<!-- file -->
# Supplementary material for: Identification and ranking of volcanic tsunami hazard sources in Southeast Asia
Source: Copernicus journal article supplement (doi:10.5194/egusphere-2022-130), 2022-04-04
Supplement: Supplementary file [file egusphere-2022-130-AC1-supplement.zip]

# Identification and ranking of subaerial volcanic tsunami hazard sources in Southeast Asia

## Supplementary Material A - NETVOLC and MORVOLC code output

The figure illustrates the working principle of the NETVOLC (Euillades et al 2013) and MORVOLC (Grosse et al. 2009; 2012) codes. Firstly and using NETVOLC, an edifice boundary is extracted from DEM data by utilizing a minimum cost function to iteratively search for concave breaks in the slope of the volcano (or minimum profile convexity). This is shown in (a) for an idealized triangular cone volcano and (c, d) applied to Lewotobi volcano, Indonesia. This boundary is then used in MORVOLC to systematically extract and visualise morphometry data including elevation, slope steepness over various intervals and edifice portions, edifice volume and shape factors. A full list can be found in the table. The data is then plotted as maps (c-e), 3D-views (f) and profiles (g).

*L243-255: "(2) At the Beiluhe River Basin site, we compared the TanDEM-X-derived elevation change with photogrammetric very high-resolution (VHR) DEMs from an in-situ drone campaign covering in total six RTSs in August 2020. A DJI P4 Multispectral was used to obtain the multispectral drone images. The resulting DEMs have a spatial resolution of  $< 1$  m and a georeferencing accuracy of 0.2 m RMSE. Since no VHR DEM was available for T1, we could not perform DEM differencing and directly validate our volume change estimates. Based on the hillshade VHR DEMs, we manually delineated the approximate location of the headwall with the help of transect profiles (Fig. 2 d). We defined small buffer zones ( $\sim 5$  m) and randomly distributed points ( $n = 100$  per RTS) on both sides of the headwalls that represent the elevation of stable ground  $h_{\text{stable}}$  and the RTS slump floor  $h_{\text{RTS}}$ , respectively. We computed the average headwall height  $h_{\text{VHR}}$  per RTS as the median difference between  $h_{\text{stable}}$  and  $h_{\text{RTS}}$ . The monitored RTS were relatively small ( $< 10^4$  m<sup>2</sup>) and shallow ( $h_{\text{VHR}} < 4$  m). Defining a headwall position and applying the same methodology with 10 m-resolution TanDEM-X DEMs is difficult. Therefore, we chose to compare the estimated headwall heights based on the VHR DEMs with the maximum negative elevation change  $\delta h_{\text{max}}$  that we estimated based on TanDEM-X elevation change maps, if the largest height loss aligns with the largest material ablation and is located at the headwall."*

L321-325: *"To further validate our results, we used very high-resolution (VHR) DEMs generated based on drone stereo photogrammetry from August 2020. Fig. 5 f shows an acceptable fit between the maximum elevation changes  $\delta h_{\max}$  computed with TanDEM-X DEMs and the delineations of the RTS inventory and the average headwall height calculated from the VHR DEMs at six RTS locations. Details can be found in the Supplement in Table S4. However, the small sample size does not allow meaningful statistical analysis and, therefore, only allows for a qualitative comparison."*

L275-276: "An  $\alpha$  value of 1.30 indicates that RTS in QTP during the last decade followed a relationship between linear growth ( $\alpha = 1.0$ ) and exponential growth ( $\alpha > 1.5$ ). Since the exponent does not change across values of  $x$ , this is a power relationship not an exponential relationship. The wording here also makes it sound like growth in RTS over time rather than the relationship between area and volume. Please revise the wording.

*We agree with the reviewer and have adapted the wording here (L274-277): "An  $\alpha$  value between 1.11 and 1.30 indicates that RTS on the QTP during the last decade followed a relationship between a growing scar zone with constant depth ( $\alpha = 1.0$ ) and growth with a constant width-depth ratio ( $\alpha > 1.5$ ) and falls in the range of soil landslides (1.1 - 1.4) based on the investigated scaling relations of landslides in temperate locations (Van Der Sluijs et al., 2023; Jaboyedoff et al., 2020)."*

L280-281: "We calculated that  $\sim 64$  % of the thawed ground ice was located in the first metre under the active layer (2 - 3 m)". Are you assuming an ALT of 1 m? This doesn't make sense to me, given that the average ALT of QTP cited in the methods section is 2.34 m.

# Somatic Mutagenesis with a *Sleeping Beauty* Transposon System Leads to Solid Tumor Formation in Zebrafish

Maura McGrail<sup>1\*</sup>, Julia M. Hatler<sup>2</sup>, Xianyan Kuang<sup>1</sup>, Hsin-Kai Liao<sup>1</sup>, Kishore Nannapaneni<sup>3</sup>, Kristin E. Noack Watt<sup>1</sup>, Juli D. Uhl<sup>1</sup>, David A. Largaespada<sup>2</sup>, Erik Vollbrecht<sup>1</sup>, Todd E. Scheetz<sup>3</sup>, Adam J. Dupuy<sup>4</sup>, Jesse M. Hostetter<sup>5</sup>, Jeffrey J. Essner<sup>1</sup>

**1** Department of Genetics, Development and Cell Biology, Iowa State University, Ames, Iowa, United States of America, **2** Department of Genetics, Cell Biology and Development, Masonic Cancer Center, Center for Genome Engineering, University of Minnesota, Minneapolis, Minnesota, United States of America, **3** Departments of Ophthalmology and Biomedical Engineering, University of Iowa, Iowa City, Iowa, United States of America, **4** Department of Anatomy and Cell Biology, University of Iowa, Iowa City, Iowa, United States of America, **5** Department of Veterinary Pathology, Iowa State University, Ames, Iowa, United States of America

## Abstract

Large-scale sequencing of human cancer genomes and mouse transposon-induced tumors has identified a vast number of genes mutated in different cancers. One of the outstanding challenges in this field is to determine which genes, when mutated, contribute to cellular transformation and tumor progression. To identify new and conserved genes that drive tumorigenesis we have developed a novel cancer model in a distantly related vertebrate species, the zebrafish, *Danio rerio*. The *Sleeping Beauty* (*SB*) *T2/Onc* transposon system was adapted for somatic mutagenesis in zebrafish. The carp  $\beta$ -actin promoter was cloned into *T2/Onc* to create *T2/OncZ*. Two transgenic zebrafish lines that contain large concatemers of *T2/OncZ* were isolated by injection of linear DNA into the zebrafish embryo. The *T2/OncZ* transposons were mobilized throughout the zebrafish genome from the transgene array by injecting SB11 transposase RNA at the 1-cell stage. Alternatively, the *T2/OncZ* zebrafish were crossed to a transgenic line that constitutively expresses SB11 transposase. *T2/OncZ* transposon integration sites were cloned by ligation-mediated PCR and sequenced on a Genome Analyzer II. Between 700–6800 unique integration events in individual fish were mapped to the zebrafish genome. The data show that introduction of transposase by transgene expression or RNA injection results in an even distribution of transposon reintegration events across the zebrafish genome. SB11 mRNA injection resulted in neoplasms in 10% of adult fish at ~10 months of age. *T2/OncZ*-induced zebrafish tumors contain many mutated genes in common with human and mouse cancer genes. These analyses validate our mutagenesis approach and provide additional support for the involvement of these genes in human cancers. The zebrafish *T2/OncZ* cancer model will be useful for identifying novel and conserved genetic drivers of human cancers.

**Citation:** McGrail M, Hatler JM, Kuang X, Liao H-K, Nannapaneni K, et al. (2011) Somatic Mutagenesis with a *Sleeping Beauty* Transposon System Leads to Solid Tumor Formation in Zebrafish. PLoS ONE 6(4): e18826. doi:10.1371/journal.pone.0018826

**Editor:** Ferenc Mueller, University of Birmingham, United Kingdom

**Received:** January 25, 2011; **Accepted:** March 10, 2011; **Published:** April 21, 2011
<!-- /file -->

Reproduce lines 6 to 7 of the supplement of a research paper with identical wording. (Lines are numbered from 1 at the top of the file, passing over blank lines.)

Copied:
The figure illustrates the working principle of the NETVOLC (Euillades et al 2013) and MORVOLC (Grosse et al. 2009; 2012) codes. Firstly and using NETVOLC, an edifice boundary is extracted from DEM data by utilizing a minimum cost function to iteratively search for concave breaks in the slope of the volcano (or minimum profile convexity). This is shown in (a) for an idealized triangular cone volcano and (c, d) applied to Lewotobi volcano, Indonesia. This boundary is then used in MORVOLC to systematically extract and visualise morphometry data including elevation, slope steepness over various intervals and edifice portions, edifice volume and shape factors. A full list can be found in the table. The data is then plotted as maps (c-e), 3D-views (f) and profiles (g).

*L243-255: "(2) At the Beiluhe River Basin site, we compared the TanDEM-X-derived elevation change with photogrammetric very high-resolution (VHR) DEMs from an in-situ drone campaign covering in total six RTSs in August 2020. A DJI P4 Multispectral was used to obtain the multispectral drone images. The resulting DEMs have a spatial resolution of  $< 1$  m and a georeferencing accuracy of 0.2 m RMSE. Since no VHR DEM was available for T1, we could not perform DEM differencing and directly validate our volume change estimates. Based on the hillshade VHR DEMs, we manually delineated the approximate location of the headwall with the help of transect profiles (Fig. 2 d). We defined small buffer zones ( $\sim 5$  m) and randomly distributed points ( $n = 100$  per RTS) on both sides of the headwalls that represent the elevation of stable ground  $h_{\text{stable}}$  and the RTS slump floor  $h_{\text{RTS}}$ , respectively. We computed the average headwall height  $h_{\text{VHR}}$  per RTS as the median difference between  $h_{\text{stable}}$  and  $h_{\text{RTS}}$ . The monitored RTS were relatively small ( $< 10^4$  m<sup>2</sup>) and shallow ( $h_{\text{VHR}} < 4$  m). Defining a headwall position and applying the same methodology with 10 m-resolution TanDEM-X DEMs is difficult. Therefore, we chose to compare the estimated headwall heights based on the VHR DEMs with the maximum negative elevation change  $\delta h_{\text{max}}$  that we estimated based on TanDEM-X elevation change maps, if the largest height loss aligns with the largest material ablation and is located at the headwall."*